With Kemba Walker out due to load management, Javonte Green was the new starter du jour, and Aaron Nesmith continued to respond well to the call of opportunity.
But the Celtics once again needed more than the promise of youth. They needed some sign that, with Walker and the injured Marcus Smart and Daniel Theis on the side, they could string together some consistency.
They’re still waiting for that, as it turns out, as they fall for the second time in three games to that standard of mediocrity — a .500, 14-14 record.
“It’s definitely tough. We’ve learned, I’ve learned, a lot from these losses,” Jaylen Brown said following the Celtics’ 112-114 loss to Atlanta. “It’s what we asked for, but it’s tough going up and down.
“I know it’s tough to watch. It’s definitely tough to play.”
A poor finishing night by Brown (22 points, 6-for-19), combined with another substandard defensive effort that found the Hawks shooting at a 60% clip most of the way, was simply too much for the Celtics to overcome. The Hawks had it their way all night in the paint, out-scoring the Celtics in that area, 60-46.
Though Jayson Tatum finished with 35 points on 11-for-22 shooting, the Celtics played from behind most of the night. Nothing was enough to contain Trae Young, the dangerous young ATL shooter who scored 40 points from every spot on the floor. Overall, three Hawks scored 20 points or more, much of it at the rim.
The only remaining debate appeared to be who was more responsible for the breakdowns — the Celtics guards and wings, or the bigs.
“I think you’ll be able to look at the film and say that I think there’s improvement that can be made in all those areas,” said Brad Stevens. “I thought our perimeter defense made it really hard on our paint defense. Our guys protecting us, either rotating over or in pick-and-roll, there were a couple times where our bigs certainly got beat off the bounce and those type of things, but I’m not sure that we had a huge impact on them on the ball, certainly not the way that they impacted us, I felt like.”
On Friday night, though, there was no such thing as narrowing down the mistakes — not when the Celtics were even getting beat down the floor, repeatedly, after made baskets.
“Yeah, I think that’s an area that has to improve if you’re going to have any chance of being a good team,” Stevens said of the ongoing transition defense issue.” Obviously our defensive numbers have continued to go up, but it’s just such a small margin of error for being a good defense or not, and those baskets kill you. So you have to do a better job of that. There’s no doubt about that. I feel like there’s been more of those this year in 28 games or whatever it is than there were last year.”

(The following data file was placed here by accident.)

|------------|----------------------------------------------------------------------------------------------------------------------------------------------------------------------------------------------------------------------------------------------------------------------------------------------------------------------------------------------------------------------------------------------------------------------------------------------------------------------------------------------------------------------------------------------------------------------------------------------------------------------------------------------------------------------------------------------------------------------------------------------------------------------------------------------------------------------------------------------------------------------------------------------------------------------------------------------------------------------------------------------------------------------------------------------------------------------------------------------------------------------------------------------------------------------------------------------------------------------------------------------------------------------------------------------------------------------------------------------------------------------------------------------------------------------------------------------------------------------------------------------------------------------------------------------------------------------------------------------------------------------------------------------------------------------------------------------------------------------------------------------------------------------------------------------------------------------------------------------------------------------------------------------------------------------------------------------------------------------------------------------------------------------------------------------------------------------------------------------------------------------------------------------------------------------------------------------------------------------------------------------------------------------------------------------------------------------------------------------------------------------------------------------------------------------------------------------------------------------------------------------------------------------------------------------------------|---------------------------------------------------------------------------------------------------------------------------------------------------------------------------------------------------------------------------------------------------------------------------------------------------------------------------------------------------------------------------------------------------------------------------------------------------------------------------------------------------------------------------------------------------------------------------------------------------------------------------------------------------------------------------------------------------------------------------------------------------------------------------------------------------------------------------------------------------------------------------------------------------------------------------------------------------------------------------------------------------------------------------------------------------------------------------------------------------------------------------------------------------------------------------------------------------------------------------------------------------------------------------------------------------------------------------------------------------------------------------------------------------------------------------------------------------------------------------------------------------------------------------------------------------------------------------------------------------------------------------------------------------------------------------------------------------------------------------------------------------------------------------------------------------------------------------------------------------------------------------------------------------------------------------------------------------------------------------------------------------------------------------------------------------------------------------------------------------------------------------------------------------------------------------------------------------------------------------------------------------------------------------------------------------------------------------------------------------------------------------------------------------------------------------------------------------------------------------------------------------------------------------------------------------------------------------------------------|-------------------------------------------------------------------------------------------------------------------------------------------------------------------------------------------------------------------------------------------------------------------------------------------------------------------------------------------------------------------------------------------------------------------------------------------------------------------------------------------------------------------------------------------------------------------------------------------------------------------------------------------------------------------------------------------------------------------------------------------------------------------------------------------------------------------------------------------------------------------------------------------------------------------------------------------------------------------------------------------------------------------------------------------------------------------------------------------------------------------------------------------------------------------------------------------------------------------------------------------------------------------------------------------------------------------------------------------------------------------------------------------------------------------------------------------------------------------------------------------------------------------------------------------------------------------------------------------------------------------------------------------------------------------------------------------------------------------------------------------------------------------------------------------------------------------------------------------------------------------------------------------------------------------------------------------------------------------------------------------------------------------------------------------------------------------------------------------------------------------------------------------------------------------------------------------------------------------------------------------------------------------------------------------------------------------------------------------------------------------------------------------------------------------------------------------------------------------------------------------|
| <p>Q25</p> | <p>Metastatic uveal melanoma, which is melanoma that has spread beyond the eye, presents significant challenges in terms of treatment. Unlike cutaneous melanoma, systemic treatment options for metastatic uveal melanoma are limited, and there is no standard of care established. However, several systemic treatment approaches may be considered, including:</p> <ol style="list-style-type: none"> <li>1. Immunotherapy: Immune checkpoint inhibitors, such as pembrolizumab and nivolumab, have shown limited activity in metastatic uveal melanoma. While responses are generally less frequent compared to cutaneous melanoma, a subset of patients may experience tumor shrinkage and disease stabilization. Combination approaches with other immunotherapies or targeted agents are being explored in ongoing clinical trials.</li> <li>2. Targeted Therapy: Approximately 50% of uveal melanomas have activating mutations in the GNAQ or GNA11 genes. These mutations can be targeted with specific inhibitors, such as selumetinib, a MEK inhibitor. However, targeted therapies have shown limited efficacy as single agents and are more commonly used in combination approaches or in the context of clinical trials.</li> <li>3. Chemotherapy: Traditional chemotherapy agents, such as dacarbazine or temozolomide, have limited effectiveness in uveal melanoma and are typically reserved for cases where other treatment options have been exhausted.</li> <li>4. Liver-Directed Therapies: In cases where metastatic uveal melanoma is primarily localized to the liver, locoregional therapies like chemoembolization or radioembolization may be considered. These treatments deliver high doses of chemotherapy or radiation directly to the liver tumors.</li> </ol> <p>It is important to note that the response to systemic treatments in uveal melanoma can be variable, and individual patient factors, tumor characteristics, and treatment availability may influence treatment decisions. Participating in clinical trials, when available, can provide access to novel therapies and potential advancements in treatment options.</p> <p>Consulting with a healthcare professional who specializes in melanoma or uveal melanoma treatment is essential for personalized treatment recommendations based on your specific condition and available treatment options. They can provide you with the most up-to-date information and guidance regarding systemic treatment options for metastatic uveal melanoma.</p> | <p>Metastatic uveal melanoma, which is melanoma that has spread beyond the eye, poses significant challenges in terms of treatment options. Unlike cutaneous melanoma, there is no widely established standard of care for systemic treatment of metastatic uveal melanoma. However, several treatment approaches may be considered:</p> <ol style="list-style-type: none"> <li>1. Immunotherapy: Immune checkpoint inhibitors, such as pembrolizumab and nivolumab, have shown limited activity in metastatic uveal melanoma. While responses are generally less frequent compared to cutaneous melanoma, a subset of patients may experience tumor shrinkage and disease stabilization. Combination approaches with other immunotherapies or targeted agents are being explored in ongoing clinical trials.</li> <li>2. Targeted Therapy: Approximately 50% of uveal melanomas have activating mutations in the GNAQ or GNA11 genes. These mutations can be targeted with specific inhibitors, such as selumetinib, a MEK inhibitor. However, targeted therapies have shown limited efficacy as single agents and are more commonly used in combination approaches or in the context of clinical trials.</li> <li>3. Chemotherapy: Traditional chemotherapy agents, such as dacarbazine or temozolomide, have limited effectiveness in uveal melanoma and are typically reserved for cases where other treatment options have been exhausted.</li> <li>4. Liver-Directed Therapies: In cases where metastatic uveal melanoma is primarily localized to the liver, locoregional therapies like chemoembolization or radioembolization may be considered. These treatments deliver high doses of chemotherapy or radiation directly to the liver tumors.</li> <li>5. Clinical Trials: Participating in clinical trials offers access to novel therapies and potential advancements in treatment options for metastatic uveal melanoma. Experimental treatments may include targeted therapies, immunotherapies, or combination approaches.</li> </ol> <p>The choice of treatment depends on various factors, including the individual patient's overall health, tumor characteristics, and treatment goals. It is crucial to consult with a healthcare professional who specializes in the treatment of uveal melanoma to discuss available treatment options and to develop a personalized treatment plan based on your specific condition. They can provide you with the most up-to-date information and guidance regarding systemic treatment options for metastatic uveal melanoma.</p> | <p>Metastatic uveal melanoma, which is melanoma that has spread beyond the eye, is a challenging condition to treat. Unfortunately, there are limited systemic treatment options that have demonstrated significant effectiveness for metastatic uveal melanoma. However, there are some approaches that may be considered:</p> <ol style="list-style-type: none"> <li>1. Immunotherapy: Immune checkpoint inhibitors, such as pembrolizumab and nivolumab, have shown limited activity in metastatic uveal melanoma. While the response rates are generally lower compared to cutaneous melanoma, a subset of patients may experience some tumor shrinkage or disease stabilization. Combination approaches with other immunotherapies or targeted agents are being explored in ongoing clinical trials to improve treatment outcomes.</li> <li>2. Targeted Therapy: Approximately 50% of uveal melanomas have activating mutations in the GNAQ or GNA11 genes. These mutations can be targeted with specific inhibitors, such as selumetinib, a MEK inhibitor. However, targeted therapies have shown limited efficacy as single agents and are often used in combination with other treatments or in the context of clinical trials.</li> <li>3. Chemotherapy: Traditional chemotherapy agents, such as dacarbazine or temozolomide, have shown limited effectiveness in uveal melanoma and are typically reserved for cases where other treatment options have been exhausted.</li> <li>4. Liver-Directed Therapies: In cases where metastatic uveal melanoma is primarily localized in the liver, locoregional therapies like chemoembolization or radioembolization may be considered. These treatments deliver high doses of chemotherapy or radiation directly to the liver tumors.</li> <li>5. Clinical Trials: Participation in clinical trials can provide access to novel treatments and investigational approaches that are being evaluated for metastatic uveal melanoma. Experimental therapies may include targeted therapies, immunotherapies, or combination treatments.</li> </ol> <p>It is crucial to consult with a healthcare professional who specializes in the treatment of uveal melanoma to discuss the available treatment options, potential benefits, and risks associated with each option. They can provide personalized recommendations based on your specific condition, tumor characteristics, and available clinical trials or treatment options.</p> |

Atlanta opened some space mid-way through the fourth quarter with a 12-2 run, and although the Celtics dug in, Trae Young’s fourth 3-pointer of the night was good for a 108-95 lead — the Hawks’ biggest to that point.
Semi Ojeleye hit a corner 3-pointer, Young buried a rainbow from the free throw line, and Brown scored to cut the Atlanta lead to 110-100.
Tristan Thompson hit two free throws after rebounding a Tatum miss with three minutes left, and the next time down Tatum slashed to cut the Atlanta edge to 110-104. Young took it right back with a drive, and scored again off a goaltend for a 114-104 lead.
Young buried another dagger for a 116-106 lead, Tatum was fouled off a drive, hitting twice. But Young, fouled by Javonte Green, gave the Hawks a 10-point edge again with 54.8 seconds left with two free throws.
Brown hit a 3-pointer, cutting the Hawks lead to 118-111 with 50 seconds left. The Celtics followed by forcing an eight-second violation on the subsequent inbounds play, and Tatum was fouled attempting a 3-pointer against a triple team.
He hit three times with 13.7 seconds left, cutting the ATL edge to 118-114, two of it matched by John Collins from the line down the other end for a six-point ATL lead.
Tatum’s ensuing three attempt simply missed.